Scottish rockers The Jesus and Mary Chain graced the Studio Coast venue in the east of Tokyo on Sunday night to an almost sold-out crowd. The band, from East Kilbride near Glasgow, has been a staple on the indie rock scene for nearly 40 years and seems to grow from strength to strength with 2017’s Damage and Joy garnering acclaim from the music press and fans alike. The album was seen as a slight departure for the group as they teamed up with rising stars such as Sky Ferreira and on songs such as “Black and Blues,” gaining younger listeners along the way.

The Jesus and Mary Chain, STudion Coast, Glasgow, rock music
The gig at Studio Coast, then, was a chance to see the band playing classic songs from their extensive back catalogue in addition to newer songs making a convenient bridge between generations of fans. Songs like “Head On,” “Some Candy Talking” and “Reverence” all wrapped in a layer of incredible feedback, were fine examples of the group at their peak — noisy, irreverent and game-changing. The band’s debut album, Psychocandy from 1985, basically reinvented British rock music much in the same way Sonic Youth changed the game in the US.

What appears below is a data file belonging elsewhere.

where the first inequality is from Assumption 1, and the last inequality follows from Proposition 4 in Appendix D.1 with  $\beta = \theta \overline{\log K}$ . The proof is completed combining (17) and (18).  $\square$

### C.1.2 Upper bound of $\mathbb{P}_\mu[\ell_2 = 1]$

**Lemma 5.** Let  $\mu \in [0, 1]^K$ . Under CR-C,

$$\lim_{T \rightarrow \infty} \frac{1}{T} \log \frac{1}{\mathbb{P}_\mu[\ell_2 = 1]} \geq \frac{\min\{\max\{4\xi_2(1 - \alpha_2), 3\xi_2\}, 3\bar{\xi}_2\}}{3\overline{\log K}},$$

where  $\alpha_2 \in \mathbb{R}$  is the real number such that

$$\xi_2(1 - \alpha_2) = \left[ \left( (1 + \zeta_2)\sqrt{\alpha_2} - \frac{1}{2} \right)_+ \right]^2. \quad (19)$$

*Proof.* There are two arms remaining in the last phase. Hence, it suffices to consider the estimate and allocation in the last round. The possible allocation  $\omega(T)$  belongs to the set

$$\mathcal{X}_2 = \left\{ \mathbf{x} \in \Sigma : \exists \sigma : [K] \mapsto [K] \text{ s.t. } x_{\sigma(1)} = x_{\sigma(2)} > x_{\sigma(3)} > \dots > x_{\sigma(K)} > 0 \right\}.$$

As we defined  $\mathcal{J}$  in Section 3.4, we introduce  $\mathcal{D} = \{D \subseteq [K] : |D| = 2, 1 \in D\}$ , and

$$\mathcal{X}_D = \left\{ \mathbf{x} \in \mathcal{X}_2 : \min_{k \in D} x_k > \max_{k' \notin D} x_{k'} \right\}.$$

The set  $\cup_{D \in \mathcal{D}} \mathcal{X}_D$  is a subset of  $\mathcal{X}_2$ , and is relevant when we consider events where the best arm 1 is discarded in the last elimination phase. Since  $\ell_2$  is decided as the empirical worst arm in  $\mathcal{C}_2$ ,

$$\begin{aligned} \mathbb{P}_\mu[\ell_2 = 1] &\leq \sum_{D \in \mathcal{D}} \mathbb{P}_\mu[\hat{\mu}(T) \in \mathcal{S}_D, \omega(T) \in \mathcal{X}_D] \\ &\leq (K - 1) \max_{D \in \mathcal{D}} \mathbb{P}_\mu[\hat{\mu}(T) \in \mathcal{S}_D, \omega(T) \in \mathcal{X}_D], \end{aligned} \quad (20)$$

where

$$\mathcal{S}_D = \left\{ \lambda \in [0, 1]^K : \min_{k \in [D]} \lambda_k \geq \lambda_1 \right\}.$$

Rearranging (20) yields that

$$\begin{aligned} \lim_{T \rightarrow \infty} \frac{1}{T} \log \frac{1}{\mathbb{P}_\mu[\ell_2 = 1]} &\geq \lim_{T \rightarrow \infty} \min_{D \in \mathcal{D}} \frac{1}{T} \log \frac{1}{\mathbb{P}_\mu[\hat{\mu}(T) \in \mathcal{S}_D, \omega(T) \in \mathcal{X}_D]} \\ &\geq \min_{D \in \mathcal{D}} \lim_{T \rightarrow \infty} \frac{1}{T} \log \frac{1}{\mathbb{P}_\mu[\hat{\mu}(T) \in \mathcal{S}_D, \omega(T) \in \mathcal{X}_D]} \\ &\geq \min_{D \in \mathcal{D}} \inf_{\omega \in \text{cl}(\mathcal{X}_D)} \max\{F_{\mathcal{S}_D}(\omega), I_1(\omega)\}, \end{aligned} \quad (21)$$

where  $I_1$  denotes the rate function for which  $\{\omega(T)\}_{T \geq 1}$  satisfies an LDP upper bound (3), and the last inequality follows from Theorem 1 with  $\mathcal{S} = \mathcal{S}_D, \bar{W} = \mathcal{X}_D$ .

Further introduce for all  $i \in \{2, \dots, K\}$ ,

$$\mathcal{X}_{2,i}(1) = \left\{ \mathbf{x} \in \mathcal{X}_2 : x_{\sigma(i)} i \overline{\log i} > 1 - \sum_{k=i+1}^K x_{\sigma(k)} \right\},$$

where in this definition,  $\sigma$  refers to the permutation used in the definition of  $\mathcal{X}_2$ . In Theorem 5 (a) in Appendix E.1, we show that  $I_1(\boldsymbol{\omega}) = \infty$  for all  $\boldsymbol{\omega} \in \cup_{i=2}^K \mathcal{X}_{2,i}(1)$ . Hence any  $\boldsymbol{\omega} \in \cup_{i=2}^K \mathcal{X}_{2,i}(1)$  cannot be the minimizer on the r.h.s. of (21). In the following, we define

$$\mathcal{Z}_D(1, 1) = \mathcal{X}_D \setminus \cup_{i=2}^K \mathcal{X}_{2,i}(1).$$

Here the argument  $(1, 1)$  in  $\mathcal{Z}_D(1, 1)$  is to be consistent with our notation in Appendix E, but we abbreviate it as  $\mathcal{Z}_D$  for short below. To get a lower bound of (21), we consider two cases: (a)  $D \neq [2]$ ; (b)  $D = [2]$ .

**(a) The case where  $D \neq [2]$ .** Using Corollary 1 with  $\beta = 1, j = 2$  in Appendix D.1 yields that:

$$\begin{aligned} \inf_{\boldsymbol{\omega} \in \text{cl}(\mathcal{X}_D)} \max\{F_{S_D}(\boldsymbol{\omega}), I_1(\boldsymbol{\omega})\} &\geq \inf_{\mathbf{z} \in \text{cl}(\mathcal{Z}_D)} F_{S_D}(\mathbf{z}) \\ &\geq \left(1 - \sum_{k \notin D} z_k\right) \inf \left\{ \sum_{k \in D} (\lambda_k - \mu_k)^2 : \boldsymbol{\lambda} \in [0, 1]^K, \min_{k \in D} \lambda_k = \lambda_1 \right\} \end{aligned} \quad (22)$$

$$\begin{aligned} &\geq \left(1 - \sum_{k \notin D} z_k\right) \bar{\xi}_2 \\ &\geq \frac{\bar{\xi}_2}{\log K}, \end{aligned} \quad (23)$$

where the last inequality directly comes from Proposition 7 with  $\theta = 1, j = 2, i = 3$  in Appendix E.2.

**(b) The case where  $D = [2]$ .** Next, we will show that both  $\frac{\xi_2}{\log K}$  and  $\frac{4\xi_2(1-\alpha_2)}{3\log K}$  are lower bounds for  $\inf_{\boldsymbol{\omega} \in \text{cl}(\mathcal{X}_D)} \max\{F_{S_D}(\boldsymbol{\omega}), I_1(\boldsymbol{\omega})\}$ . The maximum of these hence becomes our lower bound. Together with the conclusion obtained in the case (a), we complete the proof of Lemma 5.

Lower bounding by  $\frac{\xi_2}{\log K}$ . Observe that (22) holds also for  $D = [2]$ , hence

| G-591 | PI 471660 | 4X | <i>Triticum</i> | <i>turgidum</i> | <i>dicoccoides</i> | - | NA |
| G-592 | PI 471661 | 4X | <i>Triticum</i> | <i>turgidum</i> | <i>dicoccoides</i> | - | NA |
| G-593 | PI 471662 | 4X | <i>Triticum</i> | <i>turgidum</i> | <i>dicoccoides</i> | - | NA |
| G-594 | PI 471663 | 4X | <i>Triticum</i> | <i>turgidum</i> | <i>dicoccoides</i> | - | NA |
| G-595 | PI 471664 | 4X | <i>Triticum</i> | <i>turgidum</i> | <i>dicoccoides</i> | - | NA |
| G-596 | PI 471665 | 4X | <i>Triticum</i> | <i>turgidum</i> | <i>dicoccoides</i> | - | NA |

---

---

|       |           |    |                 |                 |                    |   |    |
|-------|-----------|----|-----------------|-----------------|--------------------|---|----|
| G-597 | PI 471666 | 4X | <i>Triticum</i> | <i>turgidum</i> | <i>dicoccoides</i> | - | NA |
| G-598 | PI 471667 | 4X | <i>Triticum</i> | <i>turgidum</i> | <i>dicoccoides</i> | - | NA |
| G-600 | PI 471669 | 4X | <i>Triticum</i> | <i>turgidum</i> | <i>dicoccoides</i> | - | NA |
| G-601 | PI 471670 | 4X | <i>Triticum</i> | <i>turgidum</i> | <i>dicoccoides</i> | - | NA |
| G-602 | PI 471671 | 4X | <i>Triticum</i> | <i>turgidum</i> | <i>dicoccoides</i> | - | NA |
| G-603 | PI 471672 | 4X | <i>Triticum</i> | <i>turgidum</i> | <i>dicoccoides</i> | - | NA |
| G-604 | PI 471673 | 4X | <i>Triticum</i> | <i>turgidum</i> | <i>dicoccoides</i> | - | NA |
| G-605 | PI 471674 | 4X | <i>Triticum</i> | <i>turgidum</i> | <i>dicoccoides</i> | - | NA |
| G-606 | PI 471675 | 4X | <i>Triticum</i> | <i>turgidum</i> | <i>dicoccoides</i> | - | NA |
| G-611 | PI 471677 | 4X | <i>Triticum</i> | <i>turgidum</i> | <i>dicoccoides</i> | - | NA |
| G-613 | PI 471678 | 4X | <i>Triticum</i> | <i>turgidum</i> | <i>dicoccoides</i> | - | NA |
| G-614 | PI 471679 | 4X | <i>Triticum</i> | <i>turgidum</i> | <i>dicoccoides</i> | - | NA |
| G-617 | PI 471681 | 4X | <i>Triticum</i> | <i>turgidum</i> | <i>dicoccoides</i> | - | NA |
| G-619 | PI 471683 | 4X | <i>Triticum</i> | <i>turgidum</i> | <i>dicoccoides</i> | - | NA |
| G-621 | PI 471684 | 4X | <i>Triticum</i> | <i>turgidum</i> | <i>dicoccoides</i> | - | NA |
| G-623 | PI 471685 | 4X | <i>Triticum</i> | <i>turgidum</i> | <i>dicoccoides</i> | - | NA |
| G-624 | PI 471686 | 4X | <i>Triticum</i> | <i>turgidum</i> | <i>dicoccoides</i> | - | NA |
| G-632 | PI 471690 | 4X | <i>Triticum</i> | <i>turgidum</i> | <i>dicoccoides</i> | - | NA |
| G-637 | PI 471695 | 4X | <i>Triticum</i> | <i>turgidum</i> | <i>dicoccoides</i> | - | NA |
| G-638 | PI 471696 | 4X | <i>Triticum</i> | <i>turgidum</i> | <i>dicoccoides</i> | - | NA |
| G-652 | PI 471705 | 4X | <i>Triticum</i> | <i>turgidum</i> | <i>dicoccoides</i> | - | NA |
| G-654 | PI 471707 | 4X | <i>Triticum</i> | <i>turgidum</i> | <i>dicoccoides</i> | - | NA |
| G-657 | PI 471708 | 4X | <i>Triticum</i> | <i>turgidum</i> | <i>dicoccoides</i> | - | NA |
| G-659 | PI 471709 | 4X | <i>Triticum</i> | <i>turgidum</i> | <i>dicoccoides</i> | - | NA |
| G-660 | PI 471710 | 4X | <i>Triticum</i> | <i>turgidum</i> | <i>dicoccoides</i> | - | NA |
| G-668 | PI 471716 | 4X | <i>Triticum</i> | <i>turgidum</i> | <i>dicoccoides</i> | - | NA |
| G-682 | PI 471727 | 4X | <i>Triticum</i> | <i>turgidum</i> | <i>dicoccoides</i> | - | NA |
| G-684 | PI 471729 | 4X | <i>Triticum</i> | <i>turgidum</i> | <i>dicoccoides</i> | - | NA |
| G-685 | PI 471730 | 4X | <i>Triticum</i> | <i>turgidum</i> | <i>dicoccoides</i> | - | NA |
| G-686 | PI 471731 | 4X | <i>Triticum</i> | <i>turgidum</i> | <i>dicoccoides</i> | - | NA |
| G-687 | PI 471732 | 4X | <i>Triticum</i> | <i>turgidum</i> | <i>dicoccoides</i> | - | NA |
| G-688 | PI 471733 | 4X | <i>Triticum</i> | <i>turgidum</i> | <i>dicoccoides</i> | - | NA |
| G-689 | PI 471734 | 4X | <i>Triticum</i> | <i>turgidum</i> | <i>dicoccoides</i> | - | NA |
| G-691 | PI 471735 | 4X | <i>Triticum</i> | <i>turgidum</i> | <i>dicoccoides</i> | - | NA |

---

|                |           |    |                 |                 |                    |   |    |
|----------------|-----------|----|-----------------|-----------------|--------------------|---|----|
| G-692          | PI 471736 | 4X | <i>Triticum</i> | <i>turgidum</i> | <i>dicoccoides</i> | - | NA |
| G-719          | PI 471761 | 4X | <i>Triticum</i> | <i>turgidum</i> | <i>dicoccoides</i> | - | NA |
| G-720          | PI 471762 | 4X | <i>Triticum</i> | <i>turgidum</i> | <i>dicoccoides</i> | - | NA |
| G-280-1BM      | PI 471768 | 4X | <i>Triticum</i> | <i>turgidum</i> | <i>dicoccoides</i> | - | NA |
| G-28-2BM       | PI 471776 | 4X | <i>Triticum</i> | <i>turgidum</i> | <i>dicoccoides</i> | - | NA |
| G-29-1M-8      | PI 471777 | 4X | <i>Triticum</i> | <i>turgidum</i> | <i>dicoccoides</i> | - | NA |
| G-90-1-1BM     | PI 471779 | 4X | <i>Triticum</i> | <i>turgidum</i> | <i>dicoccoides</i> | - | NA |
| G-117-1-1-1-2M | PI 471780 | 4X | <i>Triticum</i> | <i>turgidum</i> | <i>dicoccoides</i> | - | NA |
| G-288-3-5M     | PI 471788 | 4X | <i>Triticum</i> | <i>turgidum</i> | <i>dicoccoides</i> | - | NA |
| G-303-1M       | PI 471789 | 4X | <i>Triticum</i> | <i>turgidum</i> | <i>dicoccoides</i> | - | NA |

The crowd jostled and sang along with favorites but remained pretty static compared with many European or Amercian audiences. After an hour the band said their farewells only to return for a few songs which included their biggest hit “Just Like Honey” which summed up a pretty great night for indie music fans in Tokyo. The Mary Chain, as they’re more affectionately known, were once the angry young men of British music. Notorious for inciting riots, providing outrageous soundbites to music journos, fraternal infighting — but it seems that age has mellowed both Jim and William Reid (the founders of the group) who now seem happy with their lot as the respected and legendary elders of global indie rock.